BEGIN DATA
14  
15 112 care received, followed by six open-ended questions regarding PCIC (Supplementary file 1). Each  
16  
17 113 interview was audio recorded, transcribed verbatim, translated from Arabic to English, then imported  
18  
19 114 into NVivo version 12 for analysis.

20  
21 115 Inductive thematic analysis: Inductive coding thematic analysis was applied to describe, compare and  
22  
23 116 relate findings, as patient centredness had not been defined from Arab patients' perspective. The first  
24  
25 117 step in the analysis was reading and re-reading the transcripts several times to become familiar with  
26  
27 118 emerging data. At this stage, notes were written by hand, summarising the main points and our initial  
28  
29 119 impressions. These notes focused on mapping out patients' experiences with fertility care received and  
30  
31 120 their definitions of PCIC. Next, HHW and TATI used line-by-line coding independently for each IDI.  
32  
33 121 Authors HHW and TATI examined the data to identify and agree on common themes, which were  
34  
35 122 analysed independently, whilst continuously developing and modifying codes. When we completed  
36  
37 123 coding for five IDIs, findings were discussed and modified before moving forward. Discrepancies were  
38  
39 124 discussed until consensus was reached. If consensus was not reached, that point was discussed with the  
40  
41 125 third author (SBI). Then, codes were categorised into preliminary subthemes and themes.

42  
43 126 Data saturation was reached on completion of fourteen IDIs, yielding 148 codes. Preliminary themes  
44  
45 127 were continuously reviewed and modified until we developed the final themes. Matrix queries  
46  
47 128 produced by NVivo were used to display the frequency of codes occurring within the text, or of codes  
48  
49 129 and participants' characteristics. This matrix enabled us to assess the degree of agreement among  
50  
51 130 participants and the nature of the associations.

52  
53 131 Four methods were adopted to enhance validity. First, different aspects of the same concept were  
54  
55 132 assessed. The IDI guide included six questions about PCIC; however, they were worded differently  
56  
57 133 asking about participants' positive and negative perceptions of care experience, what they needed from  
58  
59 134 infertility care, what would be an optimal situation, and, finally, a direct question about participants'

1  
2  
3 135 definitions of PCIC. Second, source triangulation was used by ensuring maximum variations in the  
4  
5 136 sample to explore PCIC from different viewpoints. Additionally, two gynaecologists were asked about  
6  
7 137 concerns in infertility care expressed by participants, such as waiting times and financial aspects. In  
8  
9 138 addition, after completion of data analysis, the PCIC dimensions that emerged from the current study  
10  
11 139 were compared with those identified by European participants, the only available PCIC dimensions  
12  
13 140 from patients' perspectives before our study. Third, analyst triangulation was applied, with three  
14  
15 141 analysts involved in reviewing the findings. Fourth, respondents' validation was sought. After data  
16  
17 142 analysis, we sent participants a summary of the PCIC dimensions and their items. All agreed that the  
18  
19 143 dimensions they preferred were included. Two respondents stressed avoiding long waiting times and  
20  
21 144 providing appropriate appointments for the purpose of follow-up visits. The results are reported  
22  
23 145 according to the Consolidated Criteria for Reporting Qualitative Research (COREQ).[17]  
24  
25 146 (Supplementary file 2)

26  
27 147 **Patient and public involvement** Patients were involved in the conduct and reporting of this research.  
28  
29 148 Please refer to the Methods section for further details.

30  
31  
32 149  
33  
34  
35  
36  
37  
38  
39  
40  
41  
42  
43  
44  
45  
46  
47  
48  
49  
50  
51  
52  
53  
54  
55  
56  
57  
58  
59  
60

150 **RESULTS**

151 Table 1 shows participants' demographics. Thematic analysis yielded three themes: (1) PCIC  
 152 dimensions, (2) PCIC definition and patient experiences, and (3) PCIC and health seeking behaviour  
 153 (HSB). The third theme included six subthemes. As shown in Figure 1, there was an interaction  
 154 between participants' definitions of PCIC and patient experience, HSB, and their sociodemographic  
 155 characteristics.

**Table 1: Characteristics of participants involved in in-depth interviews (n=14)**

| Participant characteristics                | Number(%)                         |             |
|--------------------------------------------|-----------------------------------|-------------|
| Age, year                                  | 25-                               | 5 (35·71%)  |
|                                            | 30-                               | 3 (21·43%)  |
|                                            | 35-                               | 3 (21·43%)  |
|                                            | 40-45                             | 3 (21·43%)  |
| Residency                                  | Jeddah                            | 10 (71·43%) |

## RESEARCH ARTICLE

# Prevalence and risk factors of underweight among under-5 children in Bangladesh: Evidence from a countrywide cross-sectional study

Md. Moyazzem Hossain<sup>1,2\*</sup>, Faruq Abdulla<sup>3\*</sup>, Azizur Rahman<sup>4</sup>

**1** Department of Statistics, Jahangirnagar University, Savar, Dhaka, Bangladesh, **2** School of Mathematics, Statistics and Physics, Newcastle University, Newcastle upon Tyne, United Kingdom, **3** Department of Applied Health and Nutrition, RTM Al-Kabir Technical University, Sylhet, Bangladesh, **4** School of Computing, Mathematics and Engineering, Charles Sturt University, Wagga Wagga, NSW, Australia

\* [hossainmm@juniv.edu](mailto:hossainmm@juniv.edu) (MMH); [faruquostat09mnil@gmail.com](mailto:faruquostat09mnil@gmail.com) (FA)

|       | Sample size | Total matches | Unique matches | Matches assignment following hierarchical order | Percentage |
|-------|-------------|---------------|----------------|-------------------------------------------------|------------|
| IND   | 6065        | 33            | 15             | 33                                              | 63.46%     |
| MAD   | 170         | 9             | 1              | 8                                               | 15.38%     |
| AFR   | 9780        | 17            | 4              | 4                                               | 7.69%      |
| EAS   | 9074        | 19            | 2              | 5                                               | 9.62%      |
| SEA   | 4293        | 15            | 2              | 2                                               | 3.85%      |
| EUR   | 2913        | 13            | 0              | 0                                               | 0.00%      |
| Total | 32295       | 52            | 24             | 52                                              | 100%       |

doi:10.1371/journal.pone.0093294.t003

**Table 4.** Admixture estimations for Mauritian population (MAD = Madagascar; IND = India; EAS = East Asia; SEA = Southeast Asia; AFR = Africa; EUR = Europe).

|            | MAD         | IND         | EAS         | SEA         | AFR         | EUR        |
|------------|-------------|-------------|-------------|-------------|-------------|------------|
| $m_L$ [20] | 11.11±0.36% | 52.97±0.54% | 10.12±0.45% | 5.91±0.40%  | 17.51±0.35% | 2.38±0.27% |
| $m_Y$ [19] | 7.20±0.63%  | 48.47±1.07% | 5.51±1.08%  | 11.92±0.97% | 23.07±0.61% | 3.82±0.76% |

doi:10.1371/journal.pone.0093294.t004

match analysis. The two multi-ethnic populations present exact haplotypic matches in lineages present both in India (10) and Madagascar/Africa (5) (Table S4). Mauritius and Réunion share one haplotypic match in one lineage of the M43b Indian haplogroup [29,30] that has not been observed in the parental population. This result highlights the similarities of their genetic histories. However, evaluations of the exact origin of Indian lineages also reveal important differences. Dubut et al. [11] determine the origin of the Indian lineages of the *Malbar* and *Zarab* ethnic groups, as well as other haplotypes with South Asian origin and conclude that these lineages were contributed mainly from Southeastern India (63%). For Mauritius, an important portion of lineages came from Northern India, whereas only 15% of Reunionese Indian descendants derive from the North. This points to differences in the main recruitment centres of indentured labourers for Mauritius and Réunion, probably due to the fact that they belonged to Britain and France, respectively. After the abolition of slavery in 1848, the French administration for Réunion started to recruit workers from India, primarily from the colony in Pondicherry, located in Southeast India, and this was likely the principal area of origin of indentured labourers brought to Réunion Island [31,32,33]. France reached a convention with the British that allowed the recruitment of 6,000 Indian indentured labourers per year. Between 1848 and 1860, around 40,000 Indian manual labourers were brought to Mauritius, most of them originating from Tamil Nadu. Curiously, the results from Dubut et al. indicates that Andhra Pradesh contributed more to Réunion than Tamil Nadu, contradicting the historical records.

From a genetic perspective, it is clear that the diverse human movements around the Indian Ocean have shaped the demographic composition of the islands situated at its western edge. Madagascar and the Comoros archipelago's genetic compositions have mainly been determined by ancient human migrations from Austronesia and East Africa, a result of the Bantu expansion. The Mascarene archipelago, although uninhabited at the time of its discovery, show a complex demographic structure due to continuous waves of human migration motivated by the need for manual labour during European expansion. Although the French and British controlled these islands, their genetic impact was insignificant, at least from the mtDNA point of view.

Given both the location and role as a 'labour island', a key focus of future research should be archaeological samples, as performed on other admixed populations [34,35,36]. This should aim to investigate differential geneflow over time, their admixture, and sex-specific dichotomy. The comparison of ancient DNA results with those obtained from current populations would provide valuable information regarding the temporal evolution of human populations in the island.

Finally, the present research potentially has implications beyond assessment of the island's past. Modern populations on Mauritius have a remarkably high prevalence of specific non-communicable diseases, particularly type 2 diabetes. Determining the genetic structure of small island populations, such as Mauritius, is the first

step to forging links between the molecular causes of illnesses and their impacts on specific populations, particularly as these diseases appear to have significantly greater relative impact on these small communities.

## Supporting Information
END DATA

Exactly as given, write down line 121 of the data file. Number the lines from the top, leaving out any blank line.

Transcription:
## RESEARCH ARTICLE